The agreement is not being made between two states, where an agreement is an agreement, he said, noting that already from the start the supposed release date was postponed.

“We don’t know when they will be released, and for now they are only speaking about women and children. Who knows when there will be another ‘quota’ and how or what the criteria will be,” he said. “Another thing that worries us is that they are saying the soldiers will be the last to be released. But who does Hamas define as a soldier? It can be any one from 18 to 45 years old. If we felt we were in a position of impotence before, now it is even more.”

He is trying to keep up hope that both of his sons are alive. Yair is well known by everybody on the kibbutz, having worked in all different sectors, including managing the kibbutz pub. Nir Oz, with a population of about 400 people, suffered the most losses proportionally of all the kibbutzim, with almost one in four people either dead, missing or taken hostage.

His hair stands on edge when he hears that the priorities of the military operation are first to finish off Hamas and then to rescue the hostages, Horn said.

“The objective is to rescue the hostages first,” said Horn, who was evacuated to Herzliya from his home in Ashkelon. “The government has the responsibility to rescue all of the hostages because they failed to protect them and allowed what happened to happen.”

Quoting a Spanish saying, Horn, who is originally from Argentina, noted that a reckoning for those responsible will come, not during the war but after.

“‘While the cannons fire, the poets are quiet,’” he said. “When this is over we will stop pointing toward Gaza and will need to point towards whoever needs to be pointed at. Netanyahu does not even have to accept responsibility. It is his automatically. If he knew and didn’t do anything, it is his responsibility. And if he didn’t know, it is also his responsibility. We have to start at the head.”

As Sigalit Pasharel, from Holon, waits to hear about what will happen with the hostage release, she tries to go about the mundane tasks of daily life that need to get done: bank errands, getting dinner on the table for her family.

“I have to function as a mother. It is very difficult,” she said. “I barely eat. I am always thinking about him, how he is, if he is suffering. You live with a lot of uncertainty and a lot of stress.”

Never in a million years would she have thought she would be in such a position, she said. Her only brother, taxi driver Eitan Levi, 53, of Bat Yam, was down South on that Saturday just on a fluke, having agreed to make the long drive down to take a passenger to one of the communities along the Gaza border.

“I don’t know anything about the hostage release agreement, because no one knows anything,” Pasharel said. “I am very happy that there are hostages going home, but I am very sad that my brother is not included in that agreement. I believe there are a lot more people who are sad their loved ones are not in the agreement. But this is what the government has decided, so even if I say I don’t agree, it wouldn’t help.”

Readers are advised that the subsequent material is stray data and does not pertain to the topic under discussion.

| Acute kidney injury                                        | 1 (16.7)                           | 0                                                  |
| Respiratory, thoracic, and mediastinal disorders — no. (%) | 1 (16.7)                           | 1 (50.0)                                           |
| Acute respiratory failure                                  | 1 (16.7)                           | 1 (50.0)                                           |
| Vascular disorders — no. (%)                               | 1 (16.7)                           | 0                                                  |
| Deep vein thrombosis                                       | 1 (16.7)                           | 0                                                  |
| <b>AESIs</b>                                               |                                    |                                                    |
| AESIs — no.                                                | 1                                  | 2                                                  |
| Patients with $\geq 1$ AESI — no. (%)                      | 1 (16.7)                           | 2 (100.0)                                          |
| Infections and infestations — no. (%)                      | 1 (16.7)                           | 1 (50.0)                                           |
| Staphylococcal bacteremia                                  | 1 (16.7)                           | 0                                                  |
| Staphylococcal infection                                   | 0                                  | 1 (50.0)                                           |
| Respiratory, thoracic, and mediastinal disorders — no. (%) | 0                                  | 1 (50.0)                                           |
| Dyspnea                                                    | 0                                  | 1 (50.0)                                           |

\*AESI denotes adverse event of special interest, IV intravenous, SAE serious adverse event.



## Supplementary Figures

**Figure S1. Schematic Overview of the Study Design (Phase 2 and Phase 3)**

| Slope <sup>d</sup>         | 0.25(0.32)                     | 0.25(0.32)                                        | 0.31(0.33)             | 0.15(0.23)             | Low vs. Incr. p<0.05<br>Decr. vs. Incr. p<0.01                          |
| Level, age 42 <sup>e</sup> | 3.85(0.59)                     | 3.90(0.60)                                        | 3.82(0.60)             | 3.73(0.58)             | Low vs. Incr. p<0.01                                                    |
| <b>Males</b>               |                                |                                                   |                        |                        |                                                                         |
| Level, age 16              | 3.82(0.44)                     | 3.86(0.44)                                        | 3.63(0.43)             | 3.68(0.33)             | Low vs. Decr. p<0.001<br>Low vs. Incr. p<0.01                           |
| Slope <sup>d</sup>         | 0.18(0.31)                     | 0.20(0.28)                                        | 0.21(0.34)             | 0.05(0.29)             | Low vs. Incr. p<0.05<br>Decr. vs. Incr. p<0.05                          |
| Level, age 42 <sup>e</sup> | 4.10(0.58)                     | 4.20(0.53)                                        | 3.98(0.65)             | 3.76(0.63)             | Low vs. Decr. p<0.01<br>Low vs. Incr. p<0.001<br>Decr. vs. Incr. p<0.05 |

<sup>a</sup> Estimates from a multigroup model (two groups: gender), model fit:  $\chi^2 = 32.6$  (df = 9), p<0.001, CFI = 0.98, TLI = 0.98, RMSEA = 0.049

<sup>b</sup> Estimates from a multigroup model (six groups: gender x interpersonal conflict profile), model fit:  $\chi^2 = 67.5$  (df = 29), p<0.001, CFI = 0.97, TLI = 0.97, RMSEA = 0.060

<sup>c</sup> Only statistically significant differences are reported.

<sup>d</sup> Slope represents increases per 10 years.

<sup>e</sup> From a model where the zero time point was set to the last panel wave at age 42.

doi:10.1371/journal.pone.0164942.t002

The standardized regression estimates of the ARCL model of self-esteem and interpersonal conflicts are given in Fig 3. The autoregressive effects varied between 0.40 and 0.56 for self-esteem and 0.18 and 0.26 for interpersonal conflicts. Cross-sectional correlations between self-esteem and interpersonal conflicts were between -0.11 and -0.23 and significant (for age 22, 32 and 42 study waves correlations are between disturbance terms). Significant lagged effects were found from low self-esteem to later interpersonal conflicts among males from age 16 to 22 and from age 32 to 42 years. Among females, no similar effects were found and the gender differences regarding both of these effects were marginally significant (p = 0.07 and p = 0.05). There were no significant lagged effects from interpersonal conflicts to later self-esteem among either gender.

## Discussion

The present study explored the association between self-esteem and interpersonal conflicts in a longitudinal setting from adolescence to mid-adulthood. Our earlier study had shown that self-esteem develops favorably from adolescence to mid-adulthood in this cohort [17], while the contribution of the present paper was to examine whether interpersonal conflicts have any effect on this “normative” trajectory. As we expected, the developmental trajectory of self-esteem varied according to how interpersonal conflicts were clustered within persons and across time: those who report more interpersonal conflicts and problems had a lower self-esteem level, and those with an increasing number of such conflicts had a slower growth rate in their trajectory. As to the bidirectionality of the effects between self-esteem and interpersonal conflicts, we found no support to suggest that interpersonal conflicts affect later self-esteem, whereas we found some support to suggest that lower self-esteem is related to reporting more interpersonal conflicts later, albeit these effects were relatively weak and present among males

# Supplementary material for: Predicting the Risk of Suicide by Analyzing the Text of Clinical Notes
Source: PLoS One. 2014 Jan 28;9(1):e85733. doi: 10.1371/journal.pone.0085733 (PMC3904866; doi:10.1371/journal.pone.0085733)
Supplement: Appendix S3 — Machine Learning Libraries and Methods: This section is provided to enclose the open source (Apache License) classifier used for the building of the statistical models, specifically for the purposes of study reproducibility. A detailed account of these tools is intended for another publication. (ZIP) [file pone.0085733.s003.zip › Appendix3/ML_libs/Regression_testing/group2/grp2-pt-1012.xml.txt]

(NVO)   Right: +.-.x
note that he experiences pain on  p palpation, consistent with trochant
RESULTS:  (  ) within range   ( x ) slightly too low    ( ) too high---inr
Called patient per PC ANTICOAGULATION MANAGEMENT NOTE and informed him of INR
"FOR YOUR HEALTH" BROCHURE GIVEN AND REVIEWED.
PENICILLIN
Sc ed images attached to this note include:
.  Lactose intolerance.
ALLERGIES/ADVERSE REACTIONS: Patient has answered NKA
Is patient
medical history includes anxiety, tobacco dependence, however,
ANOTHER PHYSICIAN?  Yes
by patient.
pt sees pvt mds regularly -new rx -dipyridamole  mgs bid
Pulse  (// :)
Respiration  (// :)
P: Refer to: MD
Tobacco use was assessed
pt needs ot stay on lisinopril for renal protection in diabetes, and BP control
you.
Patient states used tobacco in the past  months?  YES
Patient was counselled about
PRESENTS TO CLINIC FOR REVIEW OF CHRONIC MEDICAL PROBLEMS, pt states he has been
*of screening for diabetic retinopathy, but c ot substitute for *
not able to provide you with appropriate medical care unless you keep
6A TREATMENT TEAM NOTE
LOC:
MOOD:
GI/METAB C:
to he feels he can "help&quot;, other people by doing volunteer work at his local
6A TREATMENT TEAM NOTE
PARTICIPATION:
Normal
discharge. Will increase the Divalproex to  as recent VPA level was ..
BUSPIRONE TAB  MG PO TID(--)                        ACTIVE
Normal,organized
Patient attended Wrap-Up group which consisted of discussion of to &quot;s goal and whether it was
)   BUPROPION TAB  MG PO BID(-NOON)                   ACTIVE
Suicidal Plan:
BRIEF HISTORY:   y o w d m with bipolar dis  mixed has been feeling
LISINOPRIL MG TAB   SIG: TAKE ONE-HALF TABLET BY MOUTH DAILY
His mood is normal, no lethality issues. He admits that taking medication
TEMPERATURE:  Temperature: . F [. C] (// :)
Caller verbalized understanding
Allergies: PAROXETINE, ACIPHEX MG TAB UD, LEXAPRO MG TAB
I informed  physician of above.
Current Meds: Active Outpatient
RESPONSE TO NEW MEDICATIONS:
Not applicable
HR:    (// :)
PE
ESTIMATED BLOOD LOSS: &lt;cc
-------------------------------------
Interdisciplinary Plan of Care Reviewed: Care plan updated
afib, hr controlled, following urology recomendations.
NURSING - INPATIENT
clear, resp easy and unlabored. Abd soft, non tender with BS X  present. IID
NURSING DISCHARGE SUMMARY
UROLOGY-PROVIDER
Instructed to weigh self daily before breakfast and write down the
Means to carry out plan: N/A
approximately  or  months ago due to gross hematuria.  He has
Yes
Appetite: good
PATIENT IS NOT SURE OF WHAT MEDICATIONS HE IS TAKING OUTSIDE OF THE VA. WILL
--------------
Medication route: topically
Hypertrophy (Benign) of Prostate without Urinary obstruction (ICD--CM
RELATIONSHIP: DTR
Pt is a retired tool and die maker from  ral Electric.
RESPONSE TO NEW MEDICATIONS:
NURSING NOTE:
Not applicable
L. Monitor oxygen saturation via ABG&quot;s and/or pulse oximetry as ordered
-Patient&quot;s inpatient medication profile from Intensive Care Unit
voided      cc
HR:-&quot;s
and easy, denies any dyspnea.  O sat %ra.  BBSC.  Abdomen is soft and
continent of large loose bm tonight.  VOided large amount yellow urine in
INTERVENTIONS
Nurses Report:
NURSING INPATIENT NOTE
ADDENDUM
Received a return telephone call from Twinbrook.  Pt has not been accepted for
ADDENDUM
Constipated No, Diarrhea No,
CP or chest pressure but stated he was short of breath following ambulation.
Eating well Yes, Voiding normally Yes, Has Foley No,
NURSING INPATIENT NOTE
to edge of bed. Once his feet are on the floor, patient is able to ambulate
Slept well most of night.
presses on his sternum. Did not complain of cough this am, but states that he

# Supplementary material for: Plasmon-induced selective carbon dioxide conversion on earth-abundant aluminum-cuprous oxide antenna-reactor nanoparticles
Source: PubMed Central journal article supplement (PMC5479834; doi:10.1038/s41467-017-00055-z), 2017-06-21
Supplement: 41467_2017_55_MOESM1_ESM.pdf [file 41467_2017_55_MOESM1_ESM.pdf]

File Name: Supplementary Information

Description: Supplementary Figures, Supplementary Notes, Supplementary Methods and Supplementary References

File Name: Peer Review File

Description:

What is most important for her, she said, is that the Red Cross be allowed to go see the other hostages and assure that they are physically okay.

“I believe there will be other agreements. The government promised us all the hostages will be back home no matter what – those dead and those still living,” she said. “It is very important that they all come home in peace, including my brother – that they work on bringing them back home. I hope there will continue to be agreements and that my brother will be included in the agreement and they won’t leave him to the side.”

The last time she heard from her brother – they are only a year apart in age, and he is her only blood relative outside her nuclear family – was at 6:50 a.m. when he called her to say he was very scared, that he was in his taxi trying to get home via Kibbutz Be’eri after being caught in a barrage of missiles. Nobody knows what happened to his passenger.

“He said he was coming back home, and then we heard him say in a very quiet voice “oy vavoy,” and then all we could hear was a lot of Arabic voices saying ‘Allahu akbar,’” she said. She kept her phone on mute and listened as the car was backed up, and for several hours heard movement on the line and lots of Arabic until the phone was disconnected, but she didn’t hear her brother’s voice, she said.

As part of the Family Forum, she has spoken everywhere and to everyone who will listen to her story, she said. She wants everyone to know that also among the hostages there is a taxi driver named Eitan Levi, who is not home. •

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Jewish diaspora expresses concern as Iranian drones launch toward Israel




Jewish diaspora expresses concern as Iranian drones launch toward Israel

Jewish diaspora organizations expressed concern for Israel and increased their own security preparedness as Iran launched drones against Israel on Saturday night.